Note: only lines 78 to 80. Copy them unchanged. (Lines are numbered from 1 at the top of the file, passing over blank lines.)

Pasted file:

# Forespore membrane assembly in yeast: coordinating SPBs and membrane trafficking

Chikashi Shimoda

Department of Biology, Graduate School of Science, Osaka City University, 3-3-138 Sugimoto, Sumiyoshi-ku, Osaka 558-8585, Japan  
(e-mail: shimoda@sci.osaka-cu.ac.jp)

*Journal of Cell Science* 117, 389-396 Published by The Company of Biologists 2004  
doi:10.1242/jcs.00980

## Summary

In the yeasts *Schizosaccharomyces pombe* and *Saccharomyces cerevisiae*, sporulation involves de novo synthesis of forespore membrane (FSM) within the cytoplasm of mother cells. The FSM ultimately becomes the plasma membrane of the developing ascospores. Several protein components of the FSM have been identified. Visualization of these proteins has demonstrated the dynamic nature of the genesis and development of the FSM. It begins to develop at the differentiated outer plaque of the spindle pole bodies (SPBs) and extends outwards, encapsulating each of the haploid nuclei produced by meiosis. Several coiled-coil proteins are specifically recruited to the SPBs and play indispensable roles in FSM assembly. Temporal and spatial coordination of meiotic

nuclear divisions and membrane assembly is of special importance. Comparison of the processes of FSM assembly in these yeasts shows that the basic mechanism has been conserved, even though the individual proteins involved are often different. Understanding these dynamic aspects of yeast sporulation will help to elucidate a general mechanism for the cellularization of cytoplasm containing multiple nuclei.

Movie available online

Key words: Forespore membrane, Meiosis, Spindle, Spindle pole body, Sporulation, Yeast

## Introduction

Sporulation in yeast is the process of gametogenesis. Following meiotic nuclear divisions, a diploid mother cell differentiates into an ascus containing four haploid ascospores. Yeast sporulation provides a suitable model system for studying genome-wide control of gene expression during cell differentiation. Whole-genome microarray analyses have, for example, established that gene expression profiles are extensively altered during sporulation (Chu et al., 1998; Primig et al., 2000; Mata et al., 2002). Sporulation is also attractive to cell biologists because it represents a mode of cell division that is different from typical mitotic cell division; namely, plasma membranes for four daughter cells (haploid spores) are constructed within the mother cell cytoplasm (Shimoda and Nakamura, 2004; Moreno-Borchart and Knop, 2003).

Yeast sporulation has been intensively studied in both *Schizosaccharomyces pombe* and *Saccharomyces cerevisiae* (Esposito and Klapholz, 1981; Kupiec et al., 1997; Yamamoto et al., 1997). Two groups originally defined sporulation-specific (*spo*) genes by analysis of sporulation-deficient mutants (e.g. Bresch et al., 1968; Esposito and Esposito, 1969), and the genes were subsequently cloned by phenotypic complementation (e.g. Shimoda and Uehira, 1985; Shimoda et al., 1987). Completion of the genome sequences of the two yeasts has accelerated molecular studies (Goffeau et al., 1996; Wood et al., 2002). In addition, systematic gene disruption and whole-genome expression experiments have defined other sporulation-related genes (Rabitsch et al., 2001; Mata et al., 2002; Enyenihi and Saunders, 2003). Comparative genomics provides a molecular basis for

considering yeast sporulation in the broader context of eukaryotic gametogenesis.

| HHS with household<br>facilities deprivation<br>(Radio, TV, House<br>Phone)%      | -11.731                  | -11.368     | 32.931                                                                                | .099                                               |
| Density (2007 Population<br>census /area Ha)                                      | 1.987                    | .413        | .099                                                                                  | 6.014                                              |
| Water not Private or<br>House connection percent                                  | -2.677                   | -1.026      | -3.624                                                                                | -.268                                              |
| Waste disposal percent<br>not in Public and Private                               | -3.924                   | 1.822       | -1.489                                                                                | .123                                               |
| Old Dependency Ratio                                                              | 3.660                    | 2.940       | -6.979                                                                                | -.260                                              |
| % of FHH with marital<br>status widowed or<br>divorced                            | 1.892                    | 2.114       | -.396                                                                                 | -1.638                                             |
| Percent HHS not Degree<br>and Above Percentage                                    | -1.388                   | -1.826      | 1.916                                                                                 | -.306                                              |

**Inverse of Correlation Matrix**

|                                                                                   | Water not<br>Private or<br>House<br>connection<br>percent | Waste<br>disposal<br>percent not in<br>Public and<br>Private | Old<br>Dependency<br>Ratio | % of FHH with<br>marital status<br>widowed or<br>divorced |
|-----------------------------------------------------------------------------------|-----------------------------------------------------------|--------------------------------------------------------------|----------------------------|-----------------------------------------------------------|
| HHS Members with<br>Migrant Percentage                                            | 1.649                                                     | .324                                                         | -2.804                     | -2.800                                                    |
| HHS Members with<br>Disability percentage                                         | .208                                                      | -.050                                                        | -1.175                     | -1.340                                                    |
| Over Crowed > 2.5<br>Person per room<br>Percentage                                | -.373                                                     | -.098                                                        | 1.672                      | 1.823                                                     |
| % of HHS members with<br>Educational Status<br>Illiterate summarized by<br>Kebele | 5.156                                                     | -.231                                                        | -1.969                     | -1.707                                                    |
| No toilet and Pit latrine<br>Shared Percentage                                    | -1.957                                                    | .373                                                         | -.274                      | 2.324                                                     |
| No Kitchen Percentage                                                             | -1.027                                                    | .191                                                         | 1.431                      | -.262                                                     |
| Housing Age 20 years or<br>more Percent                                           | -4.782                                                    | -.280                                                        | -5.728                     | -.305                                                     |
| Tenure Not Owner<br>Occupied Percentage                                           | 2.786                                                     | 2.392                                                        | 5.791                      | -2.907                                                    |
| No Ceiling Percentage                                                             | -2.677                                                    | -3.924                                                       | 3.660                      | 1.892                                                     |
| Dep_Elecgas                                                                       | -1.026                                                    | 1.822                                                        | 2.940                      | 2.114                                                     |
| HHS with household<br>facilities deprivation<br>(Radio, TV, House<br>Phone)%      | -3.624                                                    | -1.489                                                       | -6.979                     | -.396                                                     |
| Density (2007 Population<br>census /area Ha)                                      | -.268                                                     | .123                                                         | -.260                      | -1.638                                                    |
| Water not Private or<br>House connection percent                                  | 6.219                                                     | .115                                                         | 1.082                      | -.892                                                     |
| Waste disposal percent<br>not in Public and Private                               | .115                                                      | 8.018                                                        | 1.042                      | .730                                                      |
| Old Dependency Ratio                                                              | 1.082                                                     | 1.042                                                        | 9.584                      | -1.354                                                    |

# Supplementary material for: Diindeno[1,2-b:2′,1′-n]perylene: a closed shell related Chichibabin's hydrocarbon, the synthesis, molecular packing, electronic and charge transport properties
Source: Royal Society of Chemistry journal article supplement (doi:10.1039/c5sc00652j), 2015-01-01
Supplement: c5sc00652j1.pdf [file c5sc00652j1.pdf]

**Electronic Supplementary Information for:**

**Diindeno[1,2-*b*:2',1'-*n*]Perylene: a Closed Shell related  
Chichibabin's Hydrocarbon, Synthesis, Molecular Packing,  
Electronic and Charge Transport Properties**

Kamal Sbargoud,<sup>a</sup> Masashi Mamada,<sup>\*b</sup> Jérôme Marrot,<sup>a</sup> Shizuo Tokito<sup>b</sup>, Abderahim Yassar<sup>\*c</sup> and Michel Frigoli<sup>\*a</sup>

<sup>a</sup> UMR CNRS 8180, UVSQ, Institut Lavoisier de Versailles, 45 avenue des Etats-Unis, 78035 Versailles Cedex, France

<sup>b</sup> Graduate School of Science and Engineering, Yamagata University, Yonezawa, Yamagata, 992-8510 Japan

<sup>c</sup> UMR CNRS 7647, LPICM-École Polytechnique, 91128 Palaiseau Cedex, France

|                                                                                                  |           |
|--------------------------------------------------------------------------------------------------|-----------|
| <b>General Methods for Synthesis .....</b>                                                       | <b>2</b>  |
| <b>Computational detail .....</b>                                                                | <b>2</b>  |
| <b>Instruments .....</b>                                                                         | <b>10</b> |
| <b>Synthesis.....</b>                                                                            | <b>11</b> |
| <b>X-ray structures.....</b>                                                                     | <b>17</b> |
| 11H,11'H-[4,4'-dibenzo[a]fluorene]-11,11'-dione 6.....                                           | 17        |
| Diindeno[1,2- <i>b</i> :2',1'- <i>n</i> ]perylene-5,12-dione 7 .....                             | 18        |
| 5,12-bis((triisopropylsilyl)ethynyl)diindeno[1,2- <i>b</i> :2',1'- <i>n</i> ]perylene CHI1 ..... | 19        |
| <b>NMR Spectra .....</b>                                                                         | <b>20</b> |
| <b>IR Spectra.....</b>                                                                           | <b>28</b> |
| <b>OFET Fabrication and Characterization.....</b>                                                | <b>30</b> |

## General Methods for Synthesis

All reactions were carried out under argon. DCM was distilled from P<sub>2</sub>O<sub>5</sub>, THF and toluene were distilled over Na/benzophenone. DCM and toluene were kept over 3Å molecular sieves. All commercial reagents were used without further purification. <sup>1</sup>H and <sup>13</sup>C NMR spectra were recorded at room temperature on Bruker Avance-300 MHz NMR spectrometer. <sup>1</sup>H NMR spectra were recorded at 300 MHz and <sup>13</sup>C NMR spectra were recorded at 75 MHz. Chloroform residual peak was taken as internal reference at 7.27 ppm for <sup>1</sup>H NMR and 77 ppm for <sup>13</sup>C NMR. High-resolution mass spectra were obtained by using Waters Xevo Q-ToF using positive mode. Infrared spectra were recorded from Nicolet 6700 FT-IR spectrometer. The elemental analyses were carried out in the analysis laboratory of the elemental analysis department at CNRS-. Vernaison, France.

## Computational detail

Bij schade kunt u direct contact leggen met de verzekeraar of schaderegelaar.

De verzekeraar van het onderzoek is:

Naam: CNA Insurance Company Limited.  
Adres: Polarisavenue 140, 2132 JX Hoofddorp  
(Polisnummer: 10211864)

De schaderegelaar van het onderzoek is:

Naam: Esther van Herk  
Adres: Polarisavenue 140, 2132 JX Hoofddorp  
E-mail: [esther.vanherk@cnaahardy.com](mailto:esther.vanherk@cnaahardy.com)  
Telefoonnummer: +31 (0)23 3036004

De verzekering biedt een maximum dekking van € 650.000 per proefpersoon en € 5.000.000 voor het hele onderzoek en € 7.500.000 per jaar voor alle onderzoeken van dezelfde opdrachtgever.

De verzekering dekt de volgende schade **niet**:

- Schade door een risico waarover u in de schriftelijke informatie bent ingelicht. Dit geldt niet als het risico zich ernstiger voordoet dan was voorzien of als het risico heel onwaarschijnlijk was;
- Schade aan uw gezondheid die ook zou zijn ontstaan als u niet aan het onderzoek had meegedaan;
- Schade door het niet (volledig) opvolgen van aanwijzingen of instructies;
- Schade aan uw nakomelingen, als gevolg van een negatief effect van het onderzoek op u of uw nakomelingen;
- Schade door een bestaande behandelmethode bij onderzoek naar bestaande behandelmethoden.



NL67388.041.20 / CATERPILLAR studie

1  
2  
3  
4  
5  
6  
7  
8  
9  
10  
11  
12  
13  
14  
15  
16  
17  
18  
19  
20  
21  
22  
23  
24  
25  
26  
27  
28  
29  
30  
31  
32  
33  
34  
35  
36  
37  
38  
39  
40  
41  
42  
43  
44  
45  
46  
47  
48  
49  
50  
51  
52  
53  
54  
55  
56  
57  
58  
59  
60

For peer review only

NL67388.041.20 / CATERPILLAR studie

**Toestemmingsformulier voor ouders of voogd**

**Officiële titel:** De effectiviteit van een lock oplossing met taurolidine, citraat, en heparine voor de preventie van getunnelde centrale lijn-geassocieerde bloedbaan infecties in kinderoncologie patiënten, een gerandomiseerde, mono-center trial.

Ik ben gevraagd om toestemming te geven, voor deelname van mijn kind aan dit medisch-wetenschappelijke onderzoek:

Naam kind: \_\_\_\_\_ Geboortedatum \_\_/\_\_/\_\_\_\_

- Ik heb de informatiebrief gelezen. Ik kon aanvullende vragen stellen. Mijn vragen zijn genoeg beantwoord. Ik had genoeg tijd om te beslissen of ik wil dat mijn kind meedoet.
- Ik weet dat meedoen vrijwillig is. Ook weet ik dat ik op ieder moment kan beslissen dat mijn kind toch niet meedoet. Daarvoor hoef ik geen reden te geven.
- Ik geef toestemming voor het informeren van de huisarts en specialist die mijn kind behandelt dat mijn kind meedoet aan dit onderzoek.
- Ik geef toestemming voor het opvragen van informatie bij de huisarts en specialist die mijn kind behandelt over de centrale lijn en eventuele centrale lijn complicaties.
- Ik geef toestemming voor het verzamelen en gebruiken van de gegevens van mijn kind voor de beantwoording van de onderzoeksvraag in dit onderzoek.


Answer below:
De verzekering biedt een maximum dekking van € 650.000 per proefpersoon en € 5.000.000 voor het hele onderzoek en € 7.500.000 per jaar voor alle onderzoeken van dezelfde opdrachtgever.

De verzekering dekt de volgende schade **niet**:

- Schade door een risico waarover u in de schriftelijke informatie bent ingelicht. Dit geldt niet als het risico zich ernstiger voordoet dan was voorzien of als het risico heel onwaarschijnlijk was;